Rev. Fred G. Zaspel's statement that evolution rests first and foremost on "the total denial of supernaturalism" is simply not the case {"What Does George Will Know About Creation?" Free for All, July 4}. Evolution rests securely on an enormous body of data drawn from a great many disciplines, a set of observations that do not support a hypothesis of instantaneous creation by a supernatural spirit -- God -- nor do the data support the creationist view that all life as we know it has come from the eight humans and the animals in the Biblical story of Noah and the Ark. These data do, however, support an evolutionary history for the universe and for life on this planet. In fact, they support it to the extent that most scientists accept the fact of evolution.

What seems to be so difficult for creationists to understand (or, if the creationist leaders do understand, they would never express it to their congregations) is that it is okay that scientists are not in total agreement on all the pathways and processes. Not only are there holes in the data, but the interpretations of some of the existing data vary in the scientific community.

But this is no reason for dismay, nor a basis for creationist claims that such disagreement throws evolution out the window. It is, in fact, the substance, the richness of science that we continue to probe, to hunt for evidence, to argue (at times heatedly) about where and how the pieces fit, to investigate various evolutionary theories.

Creationists, on the other hand, start out with a conclusion, based on their belief in the inerrancy of the Bible, and they need go no further. To give credibility to the Creation story, they introduce science into it by selecting from the scientific disciplines those bits and pieces of data that can be applied in some way to "substantiate" special creation; they conveniently ignore data that don't seem to fit or cannot be made to fit.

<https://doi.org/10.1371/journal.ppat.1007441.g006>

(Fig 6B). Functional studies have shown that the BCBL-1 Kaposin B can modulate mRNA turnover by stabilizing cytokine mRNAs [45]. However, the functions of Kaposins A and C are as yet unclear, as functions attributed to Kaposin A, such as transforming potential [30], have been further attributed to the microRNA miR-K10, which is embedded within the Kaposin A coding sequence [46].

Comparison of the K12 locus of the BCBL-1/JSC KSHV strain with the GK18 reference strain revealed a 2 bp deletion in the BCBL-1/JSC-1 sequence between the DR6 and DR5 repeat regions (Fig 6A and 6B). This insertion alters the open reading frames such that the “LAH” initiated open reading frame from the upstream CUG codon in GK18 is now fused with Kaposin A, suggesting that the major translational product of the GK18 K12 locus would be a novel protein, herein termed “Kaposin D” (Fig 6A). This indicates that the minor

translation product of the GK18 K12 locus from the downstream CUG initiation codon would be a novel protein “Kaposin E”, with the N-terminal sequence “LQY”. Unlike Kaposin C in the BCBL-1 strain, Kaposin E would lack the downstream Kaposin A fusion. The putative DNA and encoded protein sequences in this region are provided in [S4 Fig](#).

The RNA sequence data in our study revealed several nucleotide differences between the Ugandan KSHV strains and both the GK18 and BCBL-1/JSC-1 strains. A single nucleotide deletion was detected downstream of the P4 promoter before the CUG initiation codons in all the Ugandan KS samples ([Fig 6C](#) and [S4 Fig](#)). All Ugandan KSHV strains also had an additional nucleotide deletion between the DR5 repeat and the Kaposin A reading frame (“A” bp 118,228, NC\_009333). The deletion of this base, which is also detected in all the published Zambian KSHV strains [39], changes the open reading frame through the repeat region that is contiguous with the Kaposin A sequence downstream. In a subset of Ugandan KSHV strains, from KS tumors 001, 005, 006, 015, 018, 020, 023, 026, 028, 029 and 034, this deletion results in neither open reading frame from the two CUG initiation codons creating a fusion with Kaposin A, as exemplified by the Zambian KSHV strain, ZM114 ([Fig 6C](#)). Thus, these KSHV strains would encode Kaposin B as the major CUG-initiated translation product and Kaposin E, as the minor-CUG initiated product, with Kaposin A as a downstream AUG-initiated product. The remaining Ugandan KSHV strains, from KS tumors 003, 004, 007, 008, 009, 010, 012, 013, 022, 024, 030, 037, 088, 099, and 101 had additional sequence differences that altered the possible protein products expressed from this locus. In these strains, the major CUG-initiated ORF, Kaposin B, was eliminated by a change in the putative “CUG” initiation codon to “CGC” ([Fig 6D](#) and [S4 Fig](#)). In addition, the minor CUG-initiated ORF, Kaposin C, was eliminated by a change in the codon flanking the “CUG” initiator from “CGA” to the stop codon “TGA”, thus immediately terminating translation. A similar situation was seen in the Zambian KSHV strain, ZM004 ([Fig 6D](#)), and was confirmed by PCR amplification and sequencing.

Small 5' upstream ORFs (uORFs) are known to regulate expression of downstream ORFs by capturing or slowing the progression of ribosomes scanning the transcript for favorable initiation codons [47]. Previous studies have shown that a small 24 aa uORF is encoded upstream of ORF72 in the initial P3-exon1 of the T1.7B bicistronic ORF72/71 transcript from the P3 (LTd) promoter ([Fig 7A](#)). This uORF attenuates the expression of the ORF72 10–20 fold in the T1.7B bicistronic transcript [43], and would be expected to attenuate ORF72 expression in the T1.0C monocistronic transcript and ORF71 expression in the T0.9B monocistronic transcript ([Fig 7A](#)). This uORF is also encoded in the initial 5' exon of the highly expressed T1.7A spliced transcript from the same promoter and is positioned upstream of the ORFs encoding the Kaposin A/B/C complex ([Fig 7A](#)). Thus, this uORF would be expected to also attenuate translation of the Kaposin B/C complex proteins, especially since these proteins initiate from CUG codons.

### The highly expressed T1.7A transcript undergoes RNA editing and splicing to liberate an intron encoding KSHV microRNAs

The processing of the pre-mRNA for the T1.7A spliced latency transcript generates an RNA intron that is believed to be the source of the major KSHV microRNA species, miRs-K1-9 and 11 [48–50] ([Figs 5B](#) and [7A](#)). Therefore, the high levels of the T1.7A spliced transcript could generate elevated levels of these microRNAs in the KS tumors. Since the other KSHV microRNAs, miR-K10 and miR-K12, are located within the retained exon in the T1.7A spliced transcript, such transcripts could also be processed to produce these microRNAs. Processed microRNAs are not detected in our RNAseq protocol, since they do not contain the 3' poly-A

This is the pseudoscience that creationists want in the science classrooms. There are, they say, only two choices: evolution or the Bible's version, but they bring no science with them. In fact, creationists with science/engineering backgrounds apparently are not conducting and reporting scientific studies leading to empirical evidence for creationism. A 1985 survey showed that of 135,000 manuscripts submitted to 68 scientific, technical and educational journals over a three-year period, only 18 dealt with scientific creationism. Of the 18, 15 were rejected with reasons that suggested to the reviewing scientists that "laymen rather than professional scientists are submitting the few articles that have surfaced in the last three years." It is difficult to judge creationism on its "scientific" merits when there are no studies published in the open scientific literature on which to base a judgment.

In his closing paragraph, Zaspel states that if man is not in the image of God, then "all of religion crumbles." I would point out that there are many millions of people on this planet -- very religious people -- who do not believe in the God of Zaspel's religion. What of them and their religion? -- Brooke Farquhar

Rev. Fred G. Zaspel makes two sweeping claims regarding science, faith, evolution and man. He avers that evolutionary theory is unscientific and that the acceptance of such theory requires rejection of faith in God.

Zaspel's characterization of evolution as established "on a series of propositions, beginning with the total denial of supernaturalism," applies comprehensively to science. The inclusion of supernaturalism in their thought by so-called creation scientists precludes teaching their ideas in science class. Evolutionary theorists are scientists of life's history. They survey the fossil record and attempt to explain it without reliance on supernatural safety nets.

Science is by definition an atheistic endeavor. That definition does not require, however, that scientists disbelieve in God. Science rejects theism as methodology, not as an answer to final ontological questions.

Although evolution might shake the faith of small-minded men, faith will survive -- as it survived heliocentricity. The belief that God's spirit permeates all nature increases my respect for life and my awe of God. -- Henry G. Hultquist